I’ve been flying for 40 years in my J-3 Cub, in the USAF, for a major carrier, etc., and it’s always a special thing when I stumble across genuinely new and valuable information about flying. Rick Durden’s article about landing “out” (“Precautionary Landings,” April 2016) was something I needed to read.
The landing-out decision seems to hinge on the difficult psychological step of accepting and owning the situation and the consequences of dealing with the aftermath of getting the airplane back out, which Durden addressed eloquently, if not almost philosophically. That acceptance of a bad situation is why “Sully” Sullenberger grabbed such a magnificent outcome in the Hudson River. Perhaps it’s what Cirrus pilots experience when they pull the BRS handle.
I’m clipping the article and keeping it for future reference.
Mike Hart’s article on use of supplemental oxygen (“Oxygen Tanks“) in the April 2016 issue reminded me of a conversation I had at a Steamboat Springs, Colo., fly-in last year.
The aviator with whom I spoke was the Real McCoy. He was retired military and retired ATP, a Kitfox builder and pilot, and he was very well-seasoned at 92 years of age if my memory is correct.
In a discussion about service ceilings of Kitfoxes, I related a personal encounter I had with hypoxia during a flight out of Leadville, Colo., at 13,500 feet (16,000 density altitude ) on a hot summer morning. (I developed classic black-curtain tunnel vision.) He mentioned a breathing technique he said allows him to maintain above 90 percent O2 saturations while flying in those very high altitudes.
The technique he uses is to take a deep breath, hold it and pinch your nose closed, then bear down hard with abdominal muscles to pressurize the thoracic space (lungs) for a few seconds. Exhale, then keep repeating this sequence. This is called the Valsalva maneuver. He found it useful and recommended using it to get to a safe place if you find yourself hypoxic.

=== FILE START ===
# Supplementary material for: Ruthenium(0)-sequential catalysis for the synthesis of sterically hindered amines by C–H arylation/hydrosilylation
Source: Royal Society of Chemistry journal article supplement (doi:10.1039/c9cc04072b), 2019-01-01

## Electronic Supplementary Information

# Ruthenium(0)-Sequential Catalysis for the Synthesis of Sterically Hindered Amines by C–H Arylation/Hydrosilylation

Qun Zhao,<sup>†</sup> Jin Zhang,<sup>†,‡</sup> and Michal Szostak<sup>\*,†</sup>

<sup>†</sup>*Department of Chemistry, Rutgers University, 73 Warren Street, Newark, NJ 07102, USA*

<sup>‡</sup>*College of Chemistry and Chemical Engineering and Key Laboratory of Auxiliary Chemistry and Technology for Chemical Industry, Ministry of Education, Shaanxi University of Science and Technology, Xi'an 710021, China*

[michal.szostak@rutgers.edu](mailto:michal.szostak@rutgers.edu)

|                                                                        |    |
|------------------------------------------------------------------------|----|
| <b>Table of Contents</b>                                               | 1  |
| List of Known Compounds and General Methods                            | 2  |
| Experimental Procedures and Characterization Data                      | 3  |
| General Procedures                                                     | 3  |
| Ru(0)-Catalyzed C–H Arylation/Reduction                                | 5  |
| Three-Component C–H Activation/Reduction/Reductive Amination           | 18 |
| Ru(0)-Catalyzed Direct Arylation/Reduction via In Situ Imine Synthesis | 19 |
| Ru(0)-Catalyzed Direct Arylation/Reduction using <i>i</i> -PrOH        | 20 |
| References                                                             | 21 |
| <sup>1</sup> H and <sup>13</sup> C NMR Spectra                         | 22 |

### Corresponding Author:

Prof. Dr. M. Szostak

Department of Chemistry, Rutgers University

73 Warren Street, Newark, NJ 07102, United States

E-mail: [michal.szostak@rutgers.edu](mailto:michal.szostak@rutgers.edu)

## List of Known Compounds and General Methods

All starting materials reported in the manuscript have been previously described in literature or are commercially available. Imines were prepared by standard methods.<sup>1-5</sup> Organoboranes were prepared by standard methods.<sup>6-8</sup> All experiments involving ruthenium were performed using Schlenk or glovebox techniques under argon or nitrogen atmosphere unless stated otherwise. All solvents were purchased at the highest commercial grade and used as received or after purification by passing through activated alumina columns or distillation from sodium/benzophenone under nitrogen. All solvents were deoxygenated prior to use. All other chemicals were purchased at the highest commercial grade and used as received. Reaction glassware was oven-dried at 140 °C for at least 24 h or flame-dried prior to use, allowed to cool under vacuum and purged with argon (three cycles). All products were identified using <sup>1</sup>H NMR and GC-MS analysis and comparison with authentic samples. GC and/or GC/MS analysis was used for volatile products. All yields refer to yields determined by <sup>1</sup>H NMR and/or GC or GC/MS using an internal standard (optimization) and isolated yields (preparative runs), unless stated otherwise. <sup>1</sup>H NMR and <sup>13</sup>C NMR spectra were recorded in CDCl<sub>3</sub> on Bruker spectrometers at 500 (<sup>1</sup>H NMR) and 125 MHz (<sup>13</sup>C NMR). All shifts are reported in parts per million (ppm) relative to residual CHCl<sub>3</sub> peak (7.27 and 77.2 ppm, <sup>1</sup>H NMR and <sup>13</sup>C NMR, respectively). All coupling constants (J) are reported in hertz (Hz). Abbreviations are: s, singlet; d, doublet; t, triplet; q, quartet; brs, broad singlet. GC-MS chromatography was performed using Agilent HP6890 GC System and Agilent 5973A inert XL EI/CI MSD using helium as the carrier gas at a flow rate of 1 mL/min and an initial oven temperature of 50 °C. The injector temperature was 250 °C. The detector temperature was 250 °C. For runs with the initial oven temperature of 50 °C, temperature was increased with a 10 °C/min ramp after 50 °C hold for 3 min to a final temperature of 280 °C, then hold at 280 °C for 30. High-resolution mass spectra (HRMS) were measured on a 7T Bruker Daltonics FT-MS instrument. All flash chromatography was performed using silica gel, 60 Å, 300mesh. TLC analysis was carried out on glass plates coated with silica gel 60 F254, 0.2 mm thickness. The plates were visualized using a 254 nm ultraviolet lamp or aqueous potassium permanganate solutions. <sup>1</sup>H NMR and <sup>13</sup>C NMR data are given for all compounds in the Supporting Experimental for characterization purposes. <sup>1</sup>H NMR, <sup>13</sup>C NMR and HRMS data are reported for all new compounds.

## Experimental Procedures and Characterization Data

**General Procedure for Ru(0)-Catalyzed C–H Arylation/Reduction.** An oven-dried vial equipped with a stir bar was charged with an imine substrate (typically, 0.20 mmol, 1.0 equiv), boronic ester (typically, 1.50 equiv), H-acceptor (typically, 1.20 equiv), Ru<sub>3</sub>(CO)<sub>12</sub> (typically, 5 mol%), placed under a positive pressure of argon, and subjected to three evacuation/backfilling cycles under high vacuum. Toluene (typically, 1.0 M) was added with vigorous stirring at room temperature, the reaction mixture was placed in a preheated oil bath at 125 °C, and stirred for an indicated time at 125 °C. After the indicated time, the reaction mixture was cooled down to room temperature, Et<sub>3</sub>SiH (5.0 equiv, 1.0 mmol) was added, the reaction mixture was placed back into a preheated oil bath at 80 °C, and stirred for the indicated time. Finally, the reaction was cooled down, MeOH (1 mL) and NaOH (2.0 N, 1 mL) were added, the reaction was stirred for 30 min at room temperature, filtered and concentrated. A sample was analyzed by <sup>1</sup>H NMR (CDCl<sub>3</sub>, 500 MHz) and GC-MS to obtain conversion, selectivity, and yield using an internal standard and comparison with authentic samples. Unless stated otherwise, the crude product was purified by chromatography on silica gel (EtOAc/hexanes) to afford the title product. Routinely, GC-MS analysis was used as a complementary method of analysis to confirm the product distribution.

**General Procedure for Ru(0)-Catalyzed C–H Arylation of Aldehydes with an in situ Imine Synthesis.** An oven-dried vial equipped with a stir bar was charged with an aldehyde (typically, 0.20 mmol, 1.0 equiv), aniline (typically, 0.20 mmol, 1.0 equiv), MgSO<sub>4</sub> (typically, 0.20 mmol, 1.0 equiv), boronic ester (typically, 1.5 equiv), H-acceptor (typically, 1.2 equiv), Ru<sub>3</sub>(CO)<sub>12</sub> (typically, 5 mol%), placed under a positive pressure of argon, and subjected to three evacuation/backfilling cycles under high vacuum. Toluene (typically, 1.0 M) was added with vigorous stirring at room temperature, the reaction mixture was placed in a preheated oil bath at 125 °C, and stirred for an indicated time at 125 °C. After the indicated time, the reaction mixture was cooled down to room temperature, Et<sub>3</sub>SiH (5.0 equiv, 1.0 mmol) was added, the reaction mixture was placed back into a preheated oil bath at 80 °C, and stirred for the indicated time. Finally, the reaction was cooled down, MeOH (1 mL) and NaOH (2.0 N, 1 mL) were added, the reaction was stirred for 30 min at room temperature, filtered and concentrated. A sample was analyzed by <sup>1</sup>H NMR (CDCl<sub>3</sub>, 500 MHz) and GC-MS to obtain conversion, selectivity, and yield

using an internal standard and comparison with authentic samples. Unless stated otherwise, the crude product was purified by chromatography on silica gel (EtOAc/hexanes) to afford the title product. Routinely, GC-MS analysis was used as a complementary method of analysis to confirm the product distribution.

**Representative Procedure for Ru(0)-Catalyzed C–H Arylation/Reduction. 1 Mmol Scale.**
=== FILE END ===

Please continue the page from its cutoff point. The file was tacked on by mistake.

I have tried it recently while at 14,500 feet, starting with a baseline pulse oximetry reading of 86 percent. I did the above technique and O2 saturation quickly went to 92 percent. I repeated it several times with the same improvement. It works and is very useful knowledge for aviators. I thank the seasoned aviator and thank Mike Hart.
The Valsalva maneuver is familiar to scuba divers who use it to clear their ears during a dive. We wouldn’t depend on it in lieu of an oxygen bottle, though.
With reference to other Unicom entries, I found Tom Turner’s article on trim (“Pitch Trim Principles,” April 2016) and trimming very interesting.
In the Mooney Ovation I fly, normal procedure is to land with full flaps, which requires substantial nose-up trim. In a go-around, it is full power, then gear up—the Ovation climbs well even with full flaps. Once it’s climbing, I’m pushing the electric trim to nose-down, then I retract the flaps. The need for nose-up trim is due to flap extension. On this airplane, trim setting has little effect during a go-around even with additional airflow over the horizontal stabilizer, but flaps do. So I delay flap retraction, especially since full flaps do not add much additional drag compared to the landing gear.
Each airplane is different, though, and this procedure is wrong for, say, a Cessna 206 Stationair with 40 degrees of flap extended. Bottom line: “Thou shall know thy airplane in all flight regimes.”